So we’re going to lean into our values, and we’re going to make sure we amplify the connections; that the values that we have as a party fit with the values that folks have as people of faith.
Are there any specific faith constituencies you’re hoping to either mobilize or also reach? Are there any efforts to make inroads in faith communities that might have trended away from the Democratic Party in the 2020 election, such as Hispanic Protestants and Hispanic Catholics?
I’m talking with our interfaith council on developing programs for this next election cycle and moving into 2024. We want folks to understand that we see them, that we hear them, that we value them and that we, as a party, are going to work on their behalf. That’s (for) people of all faiths.
But in each region you have various demographics, you have different pockets of folks of faith. We’re going to take an all-of-the-above approach, but we’re going to make sure we’re speaking to people where they are.
One of the interesting dynamics of the Democratic Party is that you claim some of the most and the least religious Americans when it comes to worship attendance or expressing a belief in God. How do you see the party shepherding a coalition where such strongly religious voters cast their ballots alongside some who are less comfortable hearing faith articulated by politicians?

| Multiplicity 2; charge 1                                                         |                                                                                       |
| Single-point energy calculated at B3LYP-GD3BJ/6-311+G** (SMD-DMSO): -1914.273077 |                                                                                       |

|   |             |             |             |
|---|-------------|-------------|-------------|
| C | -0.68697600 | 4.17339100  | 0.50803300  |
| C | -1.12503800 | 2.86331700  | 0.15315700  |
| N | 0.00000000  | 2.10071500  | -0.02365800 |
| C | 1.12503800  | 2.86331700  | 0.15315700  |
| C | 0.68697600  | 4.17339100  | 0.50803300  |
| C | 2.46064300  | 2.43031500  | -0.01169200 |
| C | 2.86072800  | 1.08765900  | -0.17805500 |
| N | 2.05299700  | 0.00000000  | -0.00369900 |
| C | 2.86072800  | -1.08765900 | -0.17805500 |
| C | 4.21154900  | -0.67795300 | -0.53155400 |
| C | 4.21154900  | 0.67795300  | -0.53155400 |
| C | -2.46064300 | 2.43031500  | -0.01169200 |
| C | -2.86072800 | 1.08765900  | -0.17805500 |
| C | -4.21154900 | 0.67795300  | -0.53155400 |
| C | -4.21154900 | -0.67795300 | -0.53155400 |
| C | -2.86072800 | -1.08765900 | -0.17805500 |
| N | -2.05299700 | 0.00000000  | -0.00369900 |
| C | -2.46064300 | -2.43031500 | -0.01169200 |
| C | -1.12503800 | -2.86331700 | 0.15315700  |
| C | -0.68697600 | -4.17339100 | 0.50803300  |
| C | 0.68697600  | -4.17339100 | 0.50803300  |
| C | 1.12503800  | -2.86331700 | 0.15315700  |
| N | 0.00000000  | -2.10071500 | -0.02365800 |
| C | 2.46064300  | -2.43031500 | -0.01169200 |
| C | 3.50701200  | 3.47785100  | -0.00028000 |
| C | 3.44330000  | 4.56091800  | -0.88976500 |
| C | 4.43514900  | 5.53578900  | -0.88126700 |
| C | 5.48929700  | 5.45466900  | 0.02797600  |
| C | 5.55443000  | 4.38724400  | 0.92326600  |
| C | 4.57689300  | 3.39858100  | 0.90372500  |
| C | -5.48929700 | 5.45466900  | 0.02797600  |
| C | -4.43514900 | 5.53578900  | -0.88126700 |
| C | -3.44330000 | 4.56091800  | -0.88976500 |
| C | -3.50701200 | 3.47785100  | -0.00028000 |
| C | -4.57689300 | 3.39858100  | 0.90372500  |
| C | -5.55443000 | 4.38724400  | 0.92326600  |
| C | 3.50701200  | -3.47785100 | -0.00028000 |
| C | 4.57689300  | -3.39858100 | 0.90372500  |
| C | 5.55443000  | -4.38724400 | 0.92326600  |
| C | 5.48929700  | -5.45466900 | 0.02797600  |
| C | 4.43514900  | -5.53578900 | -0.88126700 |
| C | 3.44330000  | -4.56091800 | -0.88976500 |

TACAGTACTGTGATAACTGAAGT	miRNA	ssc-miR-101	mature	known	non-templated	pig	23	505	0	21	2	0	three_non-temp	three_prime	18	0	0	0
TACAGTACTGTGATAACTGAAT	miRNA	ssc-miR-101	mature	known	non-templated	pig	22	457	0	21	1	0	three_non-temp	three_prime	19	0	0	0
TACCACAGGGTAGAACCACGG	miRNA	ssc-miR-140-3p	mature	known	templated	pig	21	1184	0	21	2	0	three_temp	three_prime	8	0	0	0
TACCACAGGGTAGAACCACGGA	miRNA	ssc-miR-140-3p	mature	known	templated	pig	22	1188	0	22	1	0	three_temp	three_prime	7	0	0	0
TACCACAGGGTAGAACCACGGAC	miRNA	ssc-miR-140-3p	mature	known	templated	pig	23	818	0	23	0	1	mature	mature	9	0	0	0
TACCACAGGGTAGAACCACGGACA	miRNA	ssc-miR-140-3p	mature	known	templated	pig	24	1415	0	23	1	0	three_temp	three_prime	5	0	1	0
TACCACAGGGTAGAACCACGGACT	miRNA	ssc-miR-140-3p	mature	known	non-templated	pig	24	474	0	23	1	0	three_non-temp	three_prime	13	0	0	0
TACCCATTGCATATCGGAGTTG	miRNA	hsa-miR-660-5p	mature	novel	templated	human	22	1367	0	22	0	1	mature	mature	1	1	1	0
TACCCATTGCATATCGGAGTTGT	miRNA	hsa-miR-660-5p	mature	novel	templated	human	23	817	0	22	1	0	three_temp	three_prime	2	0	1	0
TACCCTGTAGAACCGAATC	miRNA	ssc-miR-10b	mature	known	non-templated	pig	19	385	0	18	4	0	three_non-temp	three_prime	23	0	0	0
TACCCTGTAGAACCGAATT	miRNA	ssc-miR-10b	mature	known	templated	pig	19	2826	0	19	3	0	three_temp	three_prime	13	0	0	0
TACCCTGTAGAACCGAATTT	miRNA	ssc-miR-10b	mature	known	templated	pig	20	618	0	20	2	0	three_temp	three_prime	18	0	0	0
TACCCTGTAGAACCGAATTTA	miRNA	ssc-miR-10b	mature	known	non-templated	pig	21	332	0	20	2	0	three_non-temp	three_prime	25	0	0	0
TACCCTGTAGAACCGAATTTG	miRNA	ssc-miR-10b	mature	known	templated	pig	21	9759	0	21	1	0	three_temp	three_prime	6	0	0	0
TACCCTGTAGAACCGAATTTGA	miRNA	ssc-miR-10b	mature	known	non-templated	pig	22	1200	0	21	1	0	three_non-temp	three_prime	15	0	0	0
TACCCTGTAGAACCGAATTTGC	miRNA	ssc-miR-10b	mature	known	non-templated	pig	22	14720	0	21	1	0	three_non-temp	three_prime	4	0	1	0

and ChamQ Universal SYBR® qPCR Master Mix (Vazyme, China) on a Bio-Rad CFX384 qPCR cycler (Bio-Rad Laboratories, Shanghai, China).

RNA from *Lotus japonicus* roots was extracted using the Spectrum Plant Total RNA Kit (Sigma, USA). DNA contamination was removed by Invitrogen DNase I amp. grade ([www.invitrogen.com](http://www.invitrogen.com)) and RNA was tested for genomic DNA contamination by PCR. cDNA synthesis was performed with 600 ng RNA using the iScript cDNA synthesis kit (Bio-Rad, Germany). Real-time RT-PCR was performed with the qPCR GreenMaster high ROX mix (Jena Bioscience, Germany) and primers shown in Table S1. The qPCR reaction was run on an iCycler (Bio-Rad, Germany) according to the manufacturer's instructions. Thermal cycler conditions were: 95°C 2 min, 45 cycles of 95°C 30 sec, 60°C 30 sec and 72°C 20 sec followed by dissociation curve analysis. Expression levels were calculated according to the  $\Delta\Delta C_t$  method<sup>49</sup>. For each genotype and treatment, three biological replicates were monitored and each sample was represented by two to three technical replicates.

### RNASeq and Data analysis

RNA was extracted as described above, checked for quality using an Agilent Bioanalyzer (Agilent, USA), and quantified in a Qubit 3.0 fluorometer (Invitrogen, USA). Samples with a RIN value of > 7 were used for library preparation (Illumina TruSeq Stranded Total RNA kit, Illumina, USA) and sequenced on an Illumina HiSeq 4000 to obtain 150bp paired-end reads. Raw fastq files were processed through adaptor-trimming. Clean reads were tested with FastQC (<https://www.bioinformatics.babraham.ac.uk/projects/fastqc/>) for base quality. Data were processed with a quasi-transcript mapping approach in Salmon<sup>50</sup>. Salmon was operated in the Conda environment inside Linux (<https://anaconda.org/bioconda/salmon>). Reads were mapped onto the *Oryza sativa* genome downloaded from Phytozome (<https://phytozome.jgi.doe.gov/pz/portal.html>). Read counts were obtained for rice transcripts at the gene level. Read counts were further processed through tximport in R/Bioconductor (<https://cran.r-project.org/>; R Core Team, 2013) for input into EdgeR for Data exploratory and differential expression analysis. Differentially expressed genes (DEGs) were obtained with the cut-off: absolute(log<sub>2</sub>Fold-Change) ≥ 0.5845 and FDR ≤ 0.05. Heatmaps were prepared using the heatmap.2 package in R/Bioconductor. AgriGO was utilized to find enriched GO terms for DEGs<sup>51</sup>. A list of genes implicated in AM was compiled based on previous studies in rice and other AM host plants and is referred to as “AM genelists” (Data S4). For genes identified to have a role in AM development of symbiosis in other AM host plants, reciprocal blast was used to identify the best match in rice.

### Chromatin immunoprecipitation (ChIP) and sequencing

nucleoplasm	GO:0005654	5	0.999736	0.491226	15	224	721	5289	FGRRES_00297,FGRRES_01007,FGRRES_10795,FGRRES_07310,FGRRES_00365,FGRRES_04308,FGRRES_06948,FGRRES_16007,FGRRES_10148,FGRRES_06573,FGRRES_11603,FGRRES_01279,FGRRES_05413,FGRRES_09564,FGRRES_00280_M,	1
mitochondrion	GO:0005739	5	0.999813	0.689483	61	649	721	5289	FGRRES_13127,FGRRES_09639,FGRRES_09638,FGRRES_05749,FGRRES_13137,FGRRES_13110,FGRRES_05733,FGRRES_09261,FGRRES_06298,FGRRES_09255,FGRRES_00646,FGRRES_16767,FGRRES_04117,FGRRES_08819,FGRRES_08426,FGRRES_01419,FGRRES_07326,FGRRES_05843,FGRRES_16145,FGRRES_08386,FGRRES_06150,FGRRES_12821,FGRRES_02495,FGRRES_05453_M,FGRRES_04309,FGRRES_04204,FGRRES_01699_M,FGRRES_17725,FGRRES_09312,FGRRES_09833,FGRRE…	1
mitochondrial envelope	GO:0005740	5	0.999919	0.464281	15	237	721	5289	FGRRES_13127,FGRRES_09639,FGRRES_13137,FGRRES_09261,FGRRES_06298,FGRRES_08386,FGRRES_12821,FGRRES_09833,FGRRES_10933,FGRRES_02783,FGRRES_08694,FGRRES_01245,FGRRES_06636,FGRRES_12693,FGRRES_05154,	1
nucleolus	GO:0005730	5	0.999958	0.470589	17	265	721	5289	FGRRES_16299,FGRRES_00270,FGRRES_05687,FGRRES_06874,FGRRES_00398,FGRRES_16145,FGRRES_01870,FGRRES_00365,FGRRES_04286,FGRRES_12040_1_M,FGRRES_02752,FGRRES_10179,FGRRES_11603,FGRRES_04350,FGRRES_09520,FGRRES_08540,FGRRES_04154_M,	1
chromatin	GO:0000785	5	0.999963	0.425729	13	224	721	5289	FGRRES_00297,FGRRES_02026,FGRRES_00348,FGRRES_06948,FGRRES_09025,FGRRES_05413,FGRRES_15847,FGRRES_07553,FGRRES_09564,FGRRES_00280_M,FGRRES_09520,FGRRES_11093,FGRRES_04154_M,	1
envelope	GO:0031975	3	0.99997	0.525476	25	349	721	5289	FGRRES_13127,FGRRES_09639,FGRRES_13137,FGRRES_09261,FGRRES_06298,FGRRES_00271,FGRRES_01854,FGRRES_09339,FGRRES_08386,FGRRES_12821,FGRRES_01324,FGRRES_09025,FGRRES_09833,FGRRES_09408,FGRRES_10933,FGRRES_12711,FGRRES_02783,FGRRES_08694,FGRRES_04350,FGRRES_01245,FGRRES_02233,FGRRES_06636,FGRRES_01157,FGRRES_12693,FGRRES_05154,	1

It’s all about respect. I’m a man of deep faith, but I also try my very best not to push that onto other folks, to intrude in their realm.
I do live by my faith and my values — that’s important, and I don’t shy away from saying that to folks. But at the same time, I have a deep respect for other folks and their experiences; how they’ve been brought up, what they value. I think that’s one of the tenets of our interfaith council. Again, it ranges from folks who are agnostic to those who are deeply religious — Muslims and Christians and Jews and Buddhists, all of it. That’s part of the strength I believe we have as a party, that we can bring all of those folks together to push for a common purpose.
I’m curious about the Southeast in particular, especially given the recent pushback over election laws — often led by faith leaders — in states such as Georgia and Texas. Is the Southeast in play for Democrats, and will faith communities and religious voters play a major role in keeping it that way?